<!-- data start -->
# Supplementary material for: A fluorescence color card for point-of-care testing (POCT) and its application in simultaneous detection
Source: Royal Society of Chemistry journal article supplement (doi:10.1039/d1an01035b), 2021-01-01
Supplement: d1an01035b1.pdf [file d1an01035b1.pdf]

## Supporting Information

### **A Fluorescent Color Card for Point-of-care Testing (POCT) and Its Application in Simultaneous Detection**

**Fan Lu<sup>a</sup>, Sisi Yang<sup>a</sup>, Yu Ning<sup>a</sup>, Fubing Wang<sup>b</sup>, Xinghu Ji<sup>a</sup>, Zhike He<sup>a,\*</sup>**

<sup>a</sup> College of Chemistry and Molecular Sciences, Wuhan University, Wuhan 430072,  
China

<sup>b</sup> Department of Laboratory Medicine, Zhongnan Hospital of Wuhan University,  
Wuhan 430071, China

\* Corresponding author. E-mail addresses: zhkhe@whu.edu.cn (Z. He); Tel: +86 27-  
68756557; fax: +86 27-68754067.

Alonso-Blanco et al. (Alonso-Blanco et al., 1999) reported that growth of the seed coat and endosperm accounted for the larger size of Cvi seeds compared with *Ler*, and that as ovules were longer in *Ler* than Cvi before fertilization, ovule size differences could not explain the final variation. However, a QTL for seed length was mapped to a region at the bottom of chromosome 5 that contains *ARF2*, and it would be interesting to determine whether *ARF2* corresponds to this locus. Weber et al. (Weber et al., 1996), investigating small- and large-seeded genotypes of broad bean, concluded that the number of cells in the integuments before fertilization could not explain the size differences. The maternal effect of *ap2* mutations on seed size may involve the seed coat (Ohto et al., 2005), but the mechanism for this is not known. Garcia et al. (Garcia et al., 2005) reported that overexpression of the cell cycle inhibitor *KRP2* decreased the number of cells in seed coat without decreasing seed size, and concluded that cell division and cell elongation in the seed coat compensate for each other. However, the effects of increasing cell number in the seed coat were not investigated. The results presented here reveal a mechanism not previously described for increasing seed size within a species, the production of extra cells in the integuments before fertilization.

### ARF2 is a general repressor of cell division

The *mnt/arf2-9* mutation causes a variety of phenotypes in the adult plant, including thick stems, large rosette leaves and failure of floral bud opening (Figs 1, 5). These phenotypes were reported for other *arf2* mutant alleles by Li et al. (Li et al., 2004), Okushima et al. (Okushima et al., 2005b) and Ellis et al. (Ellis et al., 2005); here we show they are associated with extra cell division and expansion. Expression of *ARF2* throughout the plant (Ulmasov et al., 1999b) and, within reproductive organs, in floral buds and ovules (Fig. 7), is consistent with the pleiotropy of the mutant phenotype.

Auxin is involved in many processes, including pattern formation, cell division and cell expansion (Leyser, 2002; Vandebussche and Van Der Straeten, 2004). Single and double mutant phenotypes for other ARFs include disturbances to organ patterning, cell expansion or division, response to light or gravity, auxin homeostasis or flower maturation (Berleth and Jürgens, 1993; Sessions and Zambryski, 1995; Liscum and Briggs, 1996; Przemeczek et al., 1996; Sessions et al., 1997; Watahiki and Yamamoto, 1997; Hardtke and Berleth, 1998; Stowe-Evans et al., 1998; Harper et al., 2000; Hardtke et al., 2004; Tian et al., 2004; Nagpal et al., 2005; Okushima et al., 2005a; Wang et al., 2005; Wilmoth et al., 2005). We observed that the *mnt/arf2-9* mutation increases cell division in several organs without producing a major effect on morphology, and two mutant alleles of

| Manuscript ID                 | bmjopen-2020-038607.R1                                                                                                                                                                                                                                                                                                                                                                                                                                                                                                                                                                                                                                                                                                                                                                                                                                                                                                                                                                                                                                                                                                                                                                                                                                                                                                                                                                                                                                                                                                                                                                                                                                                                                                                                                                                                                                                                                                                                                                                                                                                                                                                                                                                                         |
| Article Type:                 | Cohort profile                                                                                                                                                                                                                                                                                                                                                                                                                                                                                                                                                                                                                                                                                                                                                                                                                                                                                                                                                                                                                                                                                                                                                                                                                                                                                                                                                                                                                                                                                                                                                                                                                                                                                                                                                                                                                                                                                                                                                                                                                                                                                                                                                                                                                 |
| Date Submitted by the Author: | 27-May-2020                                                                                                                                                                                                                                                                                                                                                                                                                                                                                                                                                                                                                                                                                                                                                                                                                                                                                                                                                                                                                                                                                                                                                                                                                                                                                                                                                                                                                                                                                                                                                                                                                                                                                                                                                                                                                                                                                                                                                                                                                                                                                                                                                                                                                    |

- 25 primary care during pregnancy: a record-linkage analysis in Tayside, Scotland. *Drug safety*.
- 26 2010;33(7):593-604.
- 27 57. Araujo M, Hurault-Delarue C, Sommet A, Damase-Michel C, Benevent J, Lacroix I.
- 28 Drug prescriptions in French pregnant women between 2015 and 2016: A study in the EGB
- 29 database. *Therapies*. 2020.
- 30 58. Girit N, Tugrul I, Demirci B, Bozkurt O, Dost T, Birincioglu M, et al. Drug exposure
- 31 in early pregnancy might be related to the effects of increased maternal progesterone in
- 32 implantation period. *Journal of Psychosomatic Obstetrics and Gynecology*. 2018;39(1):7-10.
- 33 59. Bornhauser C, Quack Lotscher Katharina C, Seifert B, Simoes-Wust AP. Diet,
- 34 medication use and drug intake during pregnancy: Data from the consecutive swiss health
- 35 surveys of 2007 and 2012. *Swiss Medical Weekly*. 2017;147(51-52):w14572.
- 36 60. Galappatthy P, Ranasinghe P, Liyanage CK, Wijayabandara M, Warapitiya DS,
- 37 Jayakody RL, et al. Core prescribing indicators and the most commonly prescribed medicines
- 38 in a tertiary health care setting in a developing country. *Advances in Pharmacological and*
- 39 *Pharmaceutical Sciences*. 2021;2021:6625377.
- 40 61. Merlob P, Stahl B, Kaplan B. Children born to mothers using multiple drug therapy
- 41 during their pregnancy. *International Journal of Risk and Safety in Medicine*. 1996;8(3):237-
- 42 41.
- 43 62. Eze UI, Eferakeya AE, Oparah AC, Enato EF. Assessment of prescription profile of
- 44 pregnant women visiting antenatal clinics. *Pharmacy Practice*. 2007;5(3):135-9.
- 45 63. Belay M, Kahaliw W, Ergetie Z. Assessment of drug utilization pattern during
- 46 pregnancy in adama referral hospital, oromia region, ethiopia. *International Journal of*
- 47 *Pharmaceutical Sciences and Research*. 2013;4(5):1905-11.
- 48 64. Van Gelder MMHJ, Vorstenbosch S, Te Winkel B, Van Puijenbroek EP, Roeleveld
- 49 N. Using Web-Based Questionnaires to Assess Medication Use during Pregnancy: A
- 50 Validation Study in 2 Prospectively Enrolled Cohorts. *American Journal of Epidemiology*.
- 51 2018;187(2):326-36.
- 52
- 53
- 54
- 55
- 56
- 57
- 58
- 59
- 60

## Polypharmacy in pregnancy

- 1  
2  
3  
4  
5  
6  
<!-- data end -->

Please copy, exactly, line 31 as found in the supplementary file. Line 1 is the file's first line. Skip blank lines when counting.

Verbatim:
- 36 60. Galappatthy P, Ranasinghe P, Liyanage CK, Wijayabandara M, Warapitiya DS,